For years, PA power plant harmed unborn babies in 4 wealthy NJ counties, study says
Living in an affluent, tree-lined community far from urban industry is no guarantee that you'll be safe from air pollution released dozens of miles away in another state.
That much has been known for years.
But a new study aims to underscore just how insidious and deleterious these emissions can be.
The researchers at Lehigh University and University of Pennsylvania found that an entire generation of New Jersey babies born as far as 30 miles downwind from a Pennsylvania coal-burning power plant were more likely to experience adverse health effects before birth.
The study measured the instances of underweight newborns in four counties in the northwestern part of the state, looking at ZIP codes that lined up with the direction of the wind blowing from the Portland Generating Station in Upper Mount Bethel, Pennsylvania.
Babies born to mothers who lived in Hunterdon, Warren, Morris and Sussex counties between 1990 and 2006 were 6.5 percent more likely to be born with low birth weight and 17.12 percent more likely to be born with very low birth weight.
The power plant, which is on the banks of the Delaware River across from Warren County, was considered one of the dirtiest facilities in the country, ranking fifth nationally on a list published by the Environmental Integrity Project, a watchdog group that is critical of the coal industry.
The power plant's coal-fired generators were shut in 2014 after the plant was targeted by state and federal regulators for exceeding Clean Air Act limits on sulfur dioxide emissions.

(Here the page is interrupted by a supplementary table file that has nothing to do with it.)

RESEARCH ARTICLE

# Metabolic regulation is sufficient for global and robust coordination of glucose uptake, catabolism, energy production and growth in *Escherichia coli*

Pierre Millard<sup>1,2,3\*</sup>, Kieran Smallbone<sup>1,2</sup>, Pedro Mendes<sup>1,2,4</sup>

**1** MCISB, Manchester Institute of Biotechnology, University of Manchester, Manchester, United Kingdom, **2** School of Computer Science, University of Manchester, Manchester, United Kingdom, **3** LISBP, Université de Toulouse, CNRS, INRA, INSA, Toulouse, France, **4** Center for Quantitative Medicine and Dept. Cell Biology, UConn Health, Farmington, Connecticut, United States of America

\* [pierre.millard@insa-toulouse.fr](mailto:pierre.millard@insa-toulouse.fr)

The U.S. Environmental Protection Agency in 2011 found that the plant was the sole source for the sulfur dioxide pollution in Warren, Sussex, Morris and Hunterdon counties.
The state Department of Environmental Protection said that the plant's emissions in 2009 were greater than the emissions produced by all of New Jersey's power plants combined.
The plant is now used by Princeton-based NRG Energy as a backup facility burning diesel.
But that may have been too late for an entire generation whose parents may not have been aware of what they were exposing their unborn children to, the study suggests.
The researchers said they hope their findings lead to federal environmental regulations that take into account fetal health.
Lower birth weight (less than 5 pounds, 8 ounces) can result in scores of health problems in childhood and adulthood. Babies with better birth weights tend to grow up to do better in school and earn more money, research has shown.
What is notable about these four New Jersey counties is that they are predominantly white and wealthy — factors that usually predict better birth weights and populations that are on average healthier and with greater access to private health insurance.
Researchers did not include the Warren ZIP codes that were immediately next to the power plant because they figured that people who live close to the facility would be more likely to take preventative measures, such as installing indoor air filters.
Sergio Bichao is deputy digital editor at New Jersey 101.5.
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